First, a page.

Bhima
from the Mahabharata. The kakawin Arjunawiwaha
Arjunawiwaha
composed by Mpu Kanwa, the poet of Airlangga's court of Kahuripan
Kahuripan
kingdom, in 1035 CE describes santoṣâhĕlĕtan kĕlir sira sakêng sang hyang Jagatkāraṇa, which means "He is steadfast and just a wayang screen away from the 'Mover of the World'." Kelir is Javanese word for wayang screen, the verse eloquently comparing actual life to a wayang performance where the almighty Jagatkāraṇa (the mover of the world) as the ultimate dalang (puppet master) is just a thin screen away from us mortals. This reference to wayang as shadow plays suggested that wayang performance is already familiar in Airlangga's court and wayang tradition has been established in Java, perhaps earlier. An inscription from this period also mentioned some occupations as awayang and aringgit.[16] Wayang kulit
Wayang kulit
is a unique form of theatre employing light and shadow. The puppets are crafted from buffalo hide and mounted on bamboo sticks. When held up behind a piece of white cloth, with an electric bulb or an oil lamp as the light source, shadows are cast on the screen. The plays are typically based on romantic tales and religious legends, especially adaptations of the classic Indian epics, the Mahabharata
Mahabharata
and the Ramayana. Some of the plays are also based on local happening or other local secular stories.[citation needed]

A dalang performing wayang kulit in Java, circa 1890.

Artist[edit] The dalang, sometimes referred to as Dhalang
Dhalang
or Kawi Dalang, is the puppeteer artist behind the entire performance.[2][3][17] It is he who sits behind the screen, sings and narrates the dialogues of different characters of the story.[18] With a traditional orchestra in the background to provide a resonant melody and its conventional rhythm, the dalang modulates his voice to create suspense thus heightening the drama. Invariably, the play climaxes with the triumph of good over evil. The dalang is highly respected in Indonesian culture for his knowledge, art and as a spiritual person capable of bringing to life the spiritual stories in the religious epics.[2][3][18] The figures of the wayang are also present in the paintings of that time, for example, the roof murals of the courtroom in Klungkung, Bali. They are still present in traditional Balinese painting today. The figures are painted, flat woodcarvings (a maximum of 5 to 15 mm thick—barely half an inch) with movable arms. The head is solidly attached to the body. Wayang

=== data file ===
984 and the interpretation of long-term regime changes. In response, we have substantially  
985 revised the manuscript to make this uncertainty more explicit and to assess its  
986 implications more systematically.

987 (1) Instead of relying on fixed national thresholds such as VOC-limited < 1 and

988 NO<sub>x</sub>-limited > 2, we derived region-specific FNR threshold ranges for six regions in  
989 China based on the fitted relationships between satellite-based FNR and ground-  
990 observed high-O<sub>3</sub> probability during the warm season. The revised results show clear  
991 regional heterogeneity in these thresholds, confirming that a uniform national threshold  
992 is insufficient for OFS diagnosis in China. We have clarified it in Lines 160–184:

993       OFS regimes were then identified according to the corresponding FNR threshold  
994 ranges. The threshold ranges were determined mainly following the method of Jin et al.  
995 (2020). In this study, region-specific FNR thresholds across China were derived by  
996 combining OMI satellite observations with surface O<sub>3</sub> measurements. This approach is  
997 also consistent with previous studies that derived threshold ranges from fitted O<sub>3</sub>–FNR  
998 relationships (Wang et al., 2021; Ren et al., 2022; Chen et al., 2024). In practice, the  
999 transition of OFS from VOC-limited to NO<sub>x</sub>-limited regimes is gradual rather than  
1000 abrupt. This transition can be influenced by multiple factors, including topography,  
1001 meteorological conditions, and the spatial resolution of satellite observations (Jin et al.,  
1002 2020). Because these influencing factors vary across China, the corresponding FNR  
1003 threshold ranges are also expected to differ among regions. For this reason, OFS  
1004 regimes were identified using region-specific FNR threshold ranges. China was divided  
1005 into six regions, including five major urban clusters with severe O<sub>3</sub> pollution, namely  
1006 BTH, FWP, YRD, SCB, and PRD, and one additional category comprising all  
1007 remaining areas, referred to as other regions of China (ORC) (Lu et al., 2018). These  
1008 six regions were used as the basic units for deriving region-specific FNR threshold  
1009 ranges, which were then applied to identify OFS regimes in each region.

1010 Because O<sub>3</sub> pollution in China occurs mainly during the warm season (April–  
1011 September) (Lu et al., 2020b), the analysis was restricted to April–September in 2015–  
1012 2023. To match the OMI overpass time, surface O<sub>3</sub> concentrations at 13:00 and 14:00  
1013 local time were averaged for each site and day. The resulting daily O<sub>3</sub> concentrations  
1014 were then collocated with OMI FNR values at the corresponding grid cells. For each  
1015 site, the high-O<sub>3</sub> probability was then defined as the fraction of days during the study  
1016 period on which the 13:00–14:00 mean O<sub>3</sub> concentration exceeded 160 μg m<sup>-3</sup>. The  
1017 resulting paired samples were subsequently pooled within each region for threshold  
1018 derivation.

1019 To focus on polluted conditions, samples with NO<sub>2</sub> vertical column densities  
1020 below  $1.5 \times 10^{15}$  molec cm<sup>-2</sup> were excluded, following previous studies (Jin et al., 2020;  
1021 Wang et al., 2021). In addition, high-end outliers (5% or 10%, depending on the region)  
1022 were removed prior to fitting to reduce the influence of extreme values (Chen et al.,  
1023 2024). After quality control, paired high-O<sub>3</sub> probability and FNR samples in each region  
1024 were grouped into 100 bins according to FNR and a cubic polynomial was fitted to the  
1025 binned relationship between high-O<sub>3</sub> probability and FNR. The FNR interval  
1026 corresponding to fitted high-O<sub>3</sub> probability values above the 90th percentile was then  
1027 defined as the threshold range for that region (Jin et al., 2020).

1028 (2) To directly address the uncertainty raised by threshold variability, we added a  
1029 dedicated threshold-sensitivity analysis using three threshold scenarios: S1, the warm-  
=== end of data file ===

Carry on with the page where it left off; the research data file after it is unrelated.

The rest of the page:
Wayang
klitik can be used to perform puppet plays either during the day or at night. This type of wayang is relatively rare.[citation needed] Wayang
Wayang
today is both the most ancient and most popular form of puppet theatre in the world. Hundreds of people will stay up all night long to watch the superstar performers, dalang, who command extravagant fees and are international celebrities. Some of the most famous dalang in recent history are Ki Nartosabdho, Ki Anom Suroto, Ki Asep Sunandar Sunarya, Ki Sugino, and Ki Manteb Sudarsono.[citation needed] Styles[edit] Wayang
Wayang
kulit[edit]

Wayang
Wayang
(shadow puppets) from central Java, a scene from Irawan's Wedding, mid-20th century, University of Hawaii Dept. of Theater and Dance

Wayang
Wayang
Purwa type, depicting five Pandawa, from left to right: Bimo, Arjuna, Yudhishthira, Nakula, and Sahadewa at the Indonesia
Indonesia
Museum in Jakarta.

Wayang
Wayang
kulit, or shadow puppets, are without a doubt the best known of the Indonesian wayang. Kulit means skin, and refers to the leather construction of the puppets that are carefully chiselled with very fine tools, supported with carefully shaped buffalo horn handles and control rods, and painted in beautiful hues, including gold. The stories are usually drawn from the Hindu epics the Ramayana
Ramayana
and the Mahabharata.[19]. There is a family of characters in Javanese wayang called Punakawan; they are sometimes referred to as "clown-servants" because they normally are associated with the story's hero, and provide humorous and philosophical interludes. Semar
Semar
is actually the god of love, who has consented to live on earth to help humans. He has three sons: Gareng (oldest ), Petruk, and Bagong (youngest son). These characters did not originate in the Hindu epics, but were added later.[20] They provide something akin to a political cabaret, dealing with gossip and contemporary affairs. The puppet figures themselves vary from place to place. In Central Java the city of Surakarta
Surakarta
(Solo) and city of Yogyakarta
Yogyakarta
have the most well-known wayang traditions, and the most commonly imitated style of puppets. Regional styles of shadow puppets can also be found in Temanggung, West Java, Banyumas, Cirebon, Semarang, and East Java. Bali
Bali
wayang are more compact and naturalistic figures, and Lombok has figures representing real people. Often modern-world objects as bicycles, automobiles, airplanes and ships will be added for comic effect, but for the most part the traditional puppet designs have changed little in the last 300 years. Historically, the performance consisted of shadows cast by an oil lamp onto a cotton screen. Today, the source of light used in wayang performance in Java is most often a halogen electric light, while Bali still uses the traditional firelight. Some modern forms of wayang such as Wayang